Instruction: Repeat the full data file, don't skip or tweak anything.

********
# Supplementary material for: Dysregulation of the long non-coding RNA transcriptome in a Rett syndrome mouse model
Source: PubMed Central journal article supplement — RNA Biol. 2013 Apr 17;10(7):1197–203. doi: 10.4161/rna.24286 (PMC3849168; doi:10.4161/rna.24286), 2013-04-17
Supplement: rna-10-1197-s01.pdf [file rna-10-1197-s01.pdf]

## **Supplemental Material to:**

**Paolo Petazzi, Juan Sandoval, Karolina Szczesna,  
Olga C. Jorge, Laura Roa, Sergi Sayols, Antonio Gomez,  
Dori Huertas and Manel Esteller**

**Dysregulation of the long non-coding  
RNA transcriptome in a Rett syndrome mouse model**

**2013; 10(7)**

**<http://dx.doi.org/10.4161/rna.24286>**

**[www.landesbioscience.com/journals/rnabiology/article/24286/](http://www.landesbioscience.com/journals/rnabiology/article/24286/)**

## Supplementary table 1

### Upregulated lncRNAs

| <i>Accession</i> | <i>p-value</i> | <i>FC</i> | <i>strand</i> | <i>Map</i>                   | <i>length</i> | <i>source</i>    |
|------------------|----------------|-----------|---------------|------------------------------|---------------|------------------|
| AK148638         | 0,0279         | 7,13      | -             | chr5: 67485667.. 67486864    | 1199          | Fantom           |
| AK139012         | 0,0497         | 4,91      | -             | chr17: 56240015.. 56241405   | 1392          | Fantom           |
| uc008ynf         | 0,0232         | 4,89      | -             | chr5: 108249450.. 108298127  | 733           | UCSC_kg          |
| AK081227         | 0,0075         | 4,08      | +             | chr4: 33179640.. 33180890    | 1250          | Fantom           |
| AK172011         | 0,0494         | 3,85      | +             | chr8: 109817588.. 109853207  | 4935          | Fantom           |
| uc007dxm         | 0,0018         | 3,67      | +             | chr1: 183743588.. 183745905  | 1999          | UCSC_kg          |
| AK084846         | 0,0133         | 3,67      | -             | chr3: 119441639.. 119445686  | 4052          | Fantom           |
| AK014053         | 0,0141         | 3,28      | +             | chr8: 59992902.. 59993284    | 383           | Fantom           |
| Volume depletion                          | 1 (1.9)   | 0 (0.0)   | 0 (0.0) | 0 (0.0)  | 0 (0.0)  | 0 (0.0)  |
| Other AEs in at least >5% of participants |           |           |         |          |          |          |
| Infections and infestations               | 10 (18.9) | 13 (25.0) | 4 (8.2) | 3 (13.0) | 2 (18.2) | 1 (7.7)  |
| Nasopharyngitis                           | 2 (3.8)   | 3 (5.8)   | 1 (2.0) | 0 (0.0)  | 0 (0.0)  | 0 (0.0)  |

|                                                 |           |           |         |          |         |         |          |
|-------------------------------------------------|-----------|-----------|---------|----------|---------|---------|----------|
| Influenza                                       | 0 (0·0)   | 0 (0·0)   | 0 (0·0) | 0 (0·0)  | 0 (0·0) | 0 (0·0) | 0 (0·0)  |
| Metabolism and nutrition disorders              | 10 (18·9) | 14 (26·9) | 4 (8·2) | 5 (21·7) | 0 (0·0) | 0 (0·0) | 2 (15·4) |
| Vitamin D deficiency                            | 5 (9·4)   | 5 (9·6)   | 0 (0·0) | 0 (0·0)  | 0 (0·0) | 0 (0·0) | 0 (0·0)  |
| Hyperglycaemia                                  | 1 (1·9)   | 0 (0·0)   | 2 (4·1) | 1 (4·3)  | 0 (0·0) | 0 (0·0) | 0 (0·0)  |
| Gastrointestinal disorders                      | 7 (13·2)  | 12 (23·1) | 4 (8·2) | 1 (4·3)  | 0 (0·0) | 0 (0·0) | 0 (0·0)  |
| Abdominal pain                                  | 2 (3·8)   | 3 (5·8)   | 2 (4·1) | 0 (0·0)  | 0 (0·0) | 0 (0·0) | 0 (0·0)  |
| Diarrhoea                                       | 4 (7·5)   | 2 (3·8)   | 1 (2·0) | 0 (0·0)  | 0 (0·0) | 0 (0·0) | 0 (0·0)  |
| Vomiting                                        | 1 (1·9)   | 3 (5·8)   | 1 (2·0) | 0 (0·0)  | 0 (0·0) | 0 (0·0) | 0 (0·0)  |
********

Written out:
# Supplementary material for: Dysregulation of the long non-coding RNA transcriptome in a Rett syndrome mouse model
Source: PubMed Central journal article supplement — RNA Biol. 2013 Apr 17;10(7):1197–203. doi: 10.4161/rna.24286 (PMC3849168; doi:10.4161/rna.24286), 2013-04-17
Supplement: rna-10-1197-s01.pdf [file rna-10-1197-s01.pdf]

## **Supplemental Material to:**

**Paolo Petazzi, Juan Sandoval, Karolina Szczesna,  
Olga C. Jorge, Laura Roa, Sergi Sayols, Antonio Gomez,  
Dori Huertas and Manel Esteller**

**Dysregulation of the long non-coding  
RNA transcriptome in a Rett syndrome mouse model**

**2013; 10(7)**

**<http://dx.doi.org/10.4161/rna.24286>**

**[www.landesbioscience.com/journals/rnabiology/article/24286/](http://www.landesbioscience.com/journals/rnabiology/article/24286/)**

## Supplementary table 1

### Upregulated lncRNAs

| <i>Accession</i> | <i>p-value</i> | <i>FC</i> | <i>strand</i> | <i>Map</i>                   | <i>length</i> | <i>source</i>    |
|------------------|----------------|-----------|---------------|------------------------------|---------------|------------------|
| AK148638         | 0,0279         | 7,13      | -             | chr5: 67485667.. 67486864    | 1199          | Fantom           |
| AK139012         | 0,0497         | 4,91      | -             | chr17: 56240015.. 56241405   | 1392          | Fantom           |
| uc008ynf         | 0,0232         | 4,89      | -             | chr5: 108249450.. 108298127  | 733           | UCSC_kg          |
| AK081227         | 0,0075         | 4,08      | +             | chr4: 33179640.. 33180890    | 1250          | Fantom           |
| AK172011         | 0,0494         | 3,85      | +             | chr8: 109817588.. 109853207  | 4935          | Fantom           |
| uc007dxm         | 0,0018         | 3,67      | +             | chr1: 183743588.. 183745905  | 1999          | UCSC_kg          |
| AK084846         | 0,0133         | 3,67      | -             | chr3: 119441639.. 119445686  | 4052          | Fantom           |
| AK014053         | 0,0141         | 3,28      | +             | chr8: 59992902.. 59993284    | 383           | Fantom           |
| Volume depletion                          | 1 (1.9)   | 0 (0.0)   | 0 (0.0) | 0 (0.0)  | 0 (0.0)  | 0 (0.0)  |
| Other AEs in at least >5% of participants |           |           |         |          |          |          |
| Infections and infestations               | 10 (18.9) | 13 (25.0) | 4 (8.2) | 3 (13.0) | 2 (18.2) | 1 (7.7)  |
| Nasopharyngitis                           | 2 (3.8)   | 3 (5.8)   | 1 (2.0) | 0 (0.0)  | 0 (0.0)  | 0 (0.0)  |

|                                                 |           |           |         |          |         |         |          |
|-------------------------------------------------|-----------|-----------|---------|----------|---------|---------|----------|
| Influenza                                       | 0 (0·0)   | 0 (0·0)   | 0 (0·0) | 0 (0·0)  | 0 (0·0) | 0 (0·0) | 0 (0·0)  |
| Metabolism and nutrition disorders              | 10 (18·9) | 14 (26·9) | 4 (8·2) | 5 (21·7) | 0 (0·0) | 0 (0·0) | 2 (15·4) |
| Vitamin D deficiency                            | 5 (9·4)   | 5 (9·6)   | 0 (0·0) | 0 (0·0)  | 0 (0·0) | 0 (0·0) | 0 (0·0)  |
| Hyperglycaemia                                  | 1 (1·9)   | 0 (0·0)   | 2 (4·1) | 1 (4·3)  | 0 (0·0) | 0 (0·0) | 0 (0·0)  |
| Gastrointestinal disorders                      | 7 (13·2)  | 12 (23·1) | 4 (8·2) | 1 (4·3)  | 0 (0·0) | 0 (0·0) | 0 (0·0)  |
| Abdominal pain                                  | 2 (3·8)   | 3 (5·8)   | 2 (4·1) | 0 (0·0)  | 0 (0·0) | 0 (0·0) | 0 (0·0)  |
| Diarrhoea                                       | 4 (7·5)   | 2 (3·8)   | 1 (2·0) | 0 (0·0)  | 0 (0·0) | 0 (0·0) | 0 (0·0)  |
| Vomiting                                        | 1 (1·9)   | 3 (5·8)   | 1 (2·0) | 0 (0·0)  | 0 (0·0) | 0 (0·0) | 0 (0·0)  |